Horacio Castellanos Moya
Translated by Lee Klein
New Directions ($13.95)
by Erik Noonan
Readers who appreciate literature that ridicules intolerance and brutality will celebrate the appearance of Lee Klein’s translation of Revulsion: Thomas Bernhard in San Salvador—an essential text in the oeuvre of Honduran-born Salvadoran author Horacio Castellanos Moya—nineteen years after its first publication.
Having repatriated to Canada and changed his name to Thomas Bernhard (after the Austrian novelist) the Head of McGill University’s Art History Department, Edgardo Vega, returns to his hometown of San Salvador and stays with his brother, the proprietor of a successful chain of locksmith shops, so that he can execute their mother's last will and testament. Two weeks into his three-week visit, Vega has moved into a hotel to get away from his relatives, and spends a couple of hours with an acquaintance, a writer of “famished little stories” named Moya, at an establishment whose bartender plays Tchaikovsky and serves him two whiskeys daily, followed by glass after glass of mineral water—none of which brings on an attack of his colitis, unlike Salvadoran pilsner, cover bands, soccer players, and pretty much every other Salvadoran institution, custom, product, or norm he can think of.
The story—or rather, since Revulsion doesn't relate any incidents, the premise—of the book follows the plot of Bernhard’s 1986 novel Extinction, in which a man returns to Austria to tend to his family's affairs after receiving a telegram informing him of their deaths in a car crash. Meanwhile, Moya’s Vega disgorges his torrent of bile in the manner of the whole gamut of Bernhard protagonists: “It is a miserable culture, Moya, for which the written word doesn't have the least importance, it jumped from the most atrocious illiteracy to fascinate itself with the stupidity of television, a fatal jump, Moya, this culture, jumping over the written word, cleanly and simply sailing above the centuries in which humanity developed thanks to the written word, said Vega.” Paratactic phrases and clauses offset by commas are the speech units of this eighty-three-page series of discursive circles and tangents. It's as if the needle of one author got stuck in the grooves of the other. This text is a parodic homage, a neoclassical imitatio, a diverting throwback to High Modernism, serious fun.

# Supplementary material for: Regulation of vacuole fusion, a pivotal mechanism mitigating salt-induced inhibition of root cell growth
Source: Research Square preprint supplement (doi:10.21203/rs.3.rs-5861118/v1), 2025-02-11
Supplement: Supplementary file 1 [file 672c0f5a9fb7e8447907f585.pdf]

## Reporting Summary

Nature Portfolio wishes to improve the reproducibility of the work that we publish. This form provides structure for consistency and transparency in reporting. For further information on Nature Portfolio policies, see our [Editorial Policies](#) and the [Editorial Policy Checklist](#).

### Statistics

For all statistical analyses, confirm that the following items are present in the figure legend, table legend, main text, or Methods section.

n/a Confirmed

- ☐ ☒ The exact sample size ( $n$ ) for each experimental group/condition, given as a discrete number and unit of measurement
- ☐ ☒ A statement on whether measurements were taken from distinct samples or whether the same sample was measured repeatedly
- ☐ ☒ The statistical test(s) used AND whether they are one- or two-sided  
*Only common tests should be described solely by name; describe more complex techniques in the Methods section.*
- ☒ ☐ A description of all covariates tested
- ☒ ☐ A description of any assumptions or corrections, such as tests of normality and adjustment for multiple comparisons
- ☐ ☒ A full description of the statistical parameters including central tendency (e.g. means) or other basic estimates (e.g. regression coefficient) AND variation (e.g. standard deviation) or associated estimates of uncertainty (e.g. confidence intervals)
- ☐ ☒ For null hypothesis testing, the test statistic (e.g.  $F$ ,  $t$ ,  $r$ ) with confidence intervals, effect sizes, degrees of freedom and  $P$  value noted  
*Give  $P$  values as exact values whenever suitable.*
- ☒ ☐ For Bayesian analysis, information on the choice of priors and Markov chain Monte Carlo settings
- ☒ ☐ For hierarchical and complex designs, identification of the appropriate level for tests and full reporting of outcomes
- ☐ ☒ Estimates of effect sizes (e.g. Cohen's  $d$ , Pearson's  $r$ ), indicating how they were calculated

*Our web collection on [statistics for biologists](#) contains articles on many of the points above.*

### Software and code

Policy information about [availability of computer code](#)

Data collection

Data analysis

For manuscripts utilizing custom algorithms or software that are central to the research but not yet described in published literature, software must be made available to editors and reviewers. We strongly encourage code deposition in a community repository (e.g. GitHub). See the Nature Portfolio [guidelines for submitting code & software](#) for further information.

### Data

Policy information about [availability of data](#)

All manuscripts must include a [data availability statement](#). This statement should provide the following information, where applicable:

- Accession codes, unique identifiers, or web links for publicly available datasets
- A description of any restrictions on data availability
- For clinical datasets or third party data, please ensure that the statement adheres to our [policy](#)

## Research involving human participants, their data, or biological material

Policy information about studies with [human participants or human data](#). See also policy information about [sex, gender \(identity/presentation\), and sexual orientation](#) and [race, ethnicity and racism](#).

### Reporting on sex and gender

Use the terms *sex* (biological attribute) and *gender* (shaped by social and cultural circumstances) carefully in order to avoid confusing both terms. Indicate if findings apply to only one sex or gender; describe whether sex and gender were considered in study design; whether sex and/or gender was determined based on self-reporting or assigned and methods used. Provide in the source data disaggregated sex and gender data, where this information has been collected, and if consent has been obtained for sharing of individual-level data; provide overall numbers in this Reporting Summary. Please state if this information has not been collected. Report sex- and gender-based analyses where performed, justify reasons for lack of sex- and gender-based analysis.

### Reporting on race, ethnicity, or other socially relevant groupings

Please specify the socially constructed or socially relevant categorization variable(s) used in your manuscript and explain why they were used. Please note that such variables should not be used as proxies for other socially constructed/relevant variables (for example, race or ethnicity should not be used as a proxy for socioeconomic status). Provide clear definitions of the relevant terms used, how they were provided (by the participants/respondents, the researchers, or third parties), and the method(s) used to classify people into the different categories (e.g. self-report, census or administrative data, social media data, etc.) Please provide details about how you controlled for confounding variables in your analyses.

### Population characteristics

Revulsion is Moya’s fifth book to be translated into English, and it's the second of those five in the original Spanish, which means that the Anglophone reader who is familiar with the work of this extraordinary writer can now go back and look ahead to his subsequent development, in prospective hindsight, and see how transformative this text proved to be in the years following its publication. In an afterword, Moya relates what happened when Revulsion came out: an unidentified man telephoned his mother twice and threatened his life—an occurrence of which there would be scant coverage in the press, “although it didn't lack a columnist who claimed that I had invented the threats to promote the book,” he recalls, “and that I wanted to imitate Salman Rushdie.”
Moya’s afterword directs our attention to the change his work underwent: while it's true that in Revulsion (1997) Vega left El Salvador wincing and sneering, he still went by choice, whereas Erasmo Aragón in The Dream of my Return (2013) and the anonymous narrator of Senselessness (2004) both flee for their lives, the former because he was employed at a news agency backed by guerillas, the latter because he wrote an article stating that El Salvador was the first Latin American country to have an African president. In She-Devil in the Mirror (2000) the photographer José Carlos and the reporter-turned-private-investigator Pepe Pindonga leave El Salvador for fear of retaliation for their work, and the journalist Rita Mena endures intimidation and assault at the hands of a politician’s bodyguards. In Tyrant Memory (2008) gossip has it that the pro-Nazi theosophist dictator Maximiliano Hernández Martínez has not charged the columnist and radio news editor Pericles with violating an anti-defamation law, imprisoning him for articles alleging that the tyrant engaged in unconstitutional activity to get reelected, but instead—much to the journalist’s chagrin—because of his falsely rumored membership in a group of coffee growers and bankers who oppose the regime. Judging from the available English translations, it seems that after Revulsion, the profession of journalism has ceased to be a cog in the state propaganda machine, as it had been in the preceding novel Dance with Snakes (1996), and instead becomes a perilous job that places writers in immediate danger because of their labor. Indeed, it’s difficult to avoid the inference that Moya doesn't attribute the death threats against him to the initiative of an isolated bloodthirsty coward, but to a coordinated abuse of power by the government of the Republic of El Salvador.
In large measure, the history of literature written in English is the history of its contact with other literatures, and within the mainstream of that tradition—much in the same way that Horacio Castellanos Moya has altered Hispanophone prose by imagining Thomas Bernhard in San Salvador writing in Spanish—Lee Klein has altered our prose by writing Revulsion the way Moya might have written it, if he had done so here and in English.